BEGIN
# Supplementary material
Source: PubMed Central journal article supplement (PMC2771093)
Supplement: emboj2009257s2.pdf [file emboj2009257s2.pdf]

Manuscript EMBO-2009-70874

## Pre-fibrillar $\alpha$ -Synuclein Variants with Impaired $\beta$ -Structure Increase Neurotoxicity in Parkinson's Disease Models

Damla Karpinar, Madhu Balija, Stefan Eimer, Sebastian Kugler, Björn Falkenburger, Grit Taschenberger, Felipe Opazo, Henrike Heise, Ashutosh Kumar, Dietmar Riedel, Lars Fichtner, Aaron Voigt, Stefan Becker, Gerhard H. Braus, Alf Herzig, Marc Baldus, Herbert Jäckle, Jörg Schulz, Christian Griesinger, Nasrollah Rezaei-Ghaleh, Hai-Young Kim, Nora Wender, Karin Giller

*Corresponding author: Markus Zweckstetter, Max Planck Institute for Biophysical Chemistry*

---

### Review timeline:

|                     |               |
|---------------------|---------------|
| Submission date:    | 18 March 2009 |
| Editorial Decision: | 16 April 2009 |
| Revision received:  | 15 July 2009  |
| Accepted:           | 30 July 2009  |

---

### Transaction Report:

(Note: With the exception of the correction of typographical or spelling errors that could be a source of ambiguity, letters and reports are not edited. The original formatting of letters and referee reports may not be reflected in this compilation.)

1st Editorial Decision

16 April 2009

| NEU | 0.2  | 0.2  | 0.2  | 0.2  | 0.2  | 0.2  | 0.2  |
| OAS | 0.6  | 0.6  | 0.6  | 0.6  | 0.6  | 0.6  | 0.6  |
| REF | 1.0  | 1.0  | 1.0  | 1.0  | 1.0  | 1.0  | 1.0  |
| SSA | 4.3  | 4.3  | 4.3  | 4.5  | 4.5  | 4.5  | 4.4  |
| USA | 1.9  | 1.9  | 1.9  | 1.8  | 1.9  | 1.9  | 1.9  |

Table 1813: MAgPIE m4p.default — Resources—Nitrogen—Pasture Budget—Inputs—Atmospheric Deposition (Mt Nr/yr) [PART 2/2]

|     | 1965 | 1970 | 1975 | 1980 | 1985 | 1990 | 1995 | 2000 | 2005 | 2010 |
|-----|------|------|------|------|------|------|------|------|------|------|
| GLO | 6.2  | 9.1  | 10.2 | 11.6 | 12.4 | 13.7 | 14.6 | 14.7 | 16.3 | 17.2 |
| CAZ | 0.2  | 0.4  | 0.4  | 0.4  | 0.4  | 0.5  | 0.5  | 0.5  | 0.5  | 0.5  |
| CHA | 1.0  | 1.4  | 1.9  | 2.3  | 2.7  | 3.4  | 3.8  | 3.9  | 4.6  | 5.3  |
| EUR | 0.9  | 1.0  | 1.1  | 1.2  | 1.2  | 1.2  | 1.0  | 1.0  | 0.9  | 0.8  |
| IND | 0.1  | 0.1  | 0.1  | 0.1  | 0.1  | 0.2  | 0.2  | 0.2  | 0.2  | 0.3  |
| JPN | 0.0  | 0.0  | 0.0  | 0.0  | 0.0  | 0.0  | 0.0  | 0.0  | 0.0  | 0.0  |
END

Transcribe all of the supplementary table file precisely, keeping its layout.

# Supplementary material
Source: PubMed Central journal article supplement (PMC2771093)
Supplement: emboj2009257s2.pdf [file emboj2009257s2.pdf]

Manuscript EMBO-2009-70874

## Pre-fibrillar $\alpha$ -Synuclein Variants with Impaired $\beta$ -Structure Increase Neurotoxicity in Parkinson's Disease Models

Damla Karpinar, Madhu Balija, Stefan Eimer, Sebastian Kugler, Björn Falkenburger, Grit Taschenberger, Felipe Opazo, Henrike Heise, Ashutosh Kumar, Dietmar Riedel, Lars Fichtner, Aaron Voigt, Stefan Becker, Gerhard H. Braus, Alf Herzig, Marc Baldus, Herbert Jäckle, Jörg Schulz, Christian Griesinger, Nasrollah Rezaei-Ghaleh, Hai-Young Kim, Nora Wender, Karin Giller

*Corresponding author: Markus Zweckstetter, Max Planck Institute for Biophysical Chemistry*

---

### Review timeline:

|                     |               |
|---------------------|---------------|
| Submission date:    | 18 March 2009 |
| Editorial Decision: | 16 April 2009 |
| Revision received:  | 15 July 2009  |
| Accepted:           | 30 July 2009  |

---

### Transaction Report:

(Note: With the exception of the correction of typographical or spelling errors that could be a source of ambiguity, letters and reports are not edited. The original formatting of letters and referee reports may not be reflected in this compilation.)

1st Editorial Decision

16 April 2009

| NEU | 0.2  | 0.2  | 0.2  | 0.2  | 0.2  | 0.2  | 0.2  |
| OAS | 0.6  | 0.6  | 0.6  | 0.6  | 0.6  | 0.6  | 0.6  |
| REF | 1.0  | 1.0  | 1.0  | 1.0  | 1.0  | 1.0  | 1.0  |
| SSA | 4.3  | 4.3  | 4.3  | 4.5  | 4.5  | 4.5  | 4.4  |
| USA | 1.9  | 1.9  | 1.9  | 1.8  | 1.9  | 1.9  | 1.9  |

Table 1813: MAgPIE m4p.default — Resources—Nitrogen—Pasture Budget—Inputs—Atmospheric Deposition (Mt Nr/yr) [PART 2/2]

|     | 1965 | 1970 | 1975 | 1980 | 1985 | 1990 | 1995 | 2000 | 2005 | 2010 |
|-----|------|------|------|------|------|------|------|------|------|------|
| GLO | 6.2  | 9.1  | 10.2 | 11.6 | 12.4 | 13.7 | 14.6 | 14.7 | 16.3 | 17.2 |
| CAZ | 0.2  | 0.4  | 0.4  | 0.4  | 0.4  | 0.5  | 0.5  | 0.5  | 0.5  | 0.5  |
| CHA | 1.0  | 1.4  | 1.9  | 2.3  | 2.7  | 3.4  | 3.8  | 3.9  | 4.6  | 5.3  |
| EUR | 0.9  | 1.0  | 1.1  | 1.2  | 1.2  | 1.2  | 1.0  | 1.0  | 0.9  | 0.8  |
| IND | 0.1  | 0.1  | 0.1  | 0.1  | 0.1  | 0.2  | 0.2  | 0.2  | 0.2  | 0.3  |
| JPN | 0.0  | 0.0  | 0.0  | 0.0  | 0.0  | 0.0  | 0.0  | 0.0  | 0.0  | 0.0  |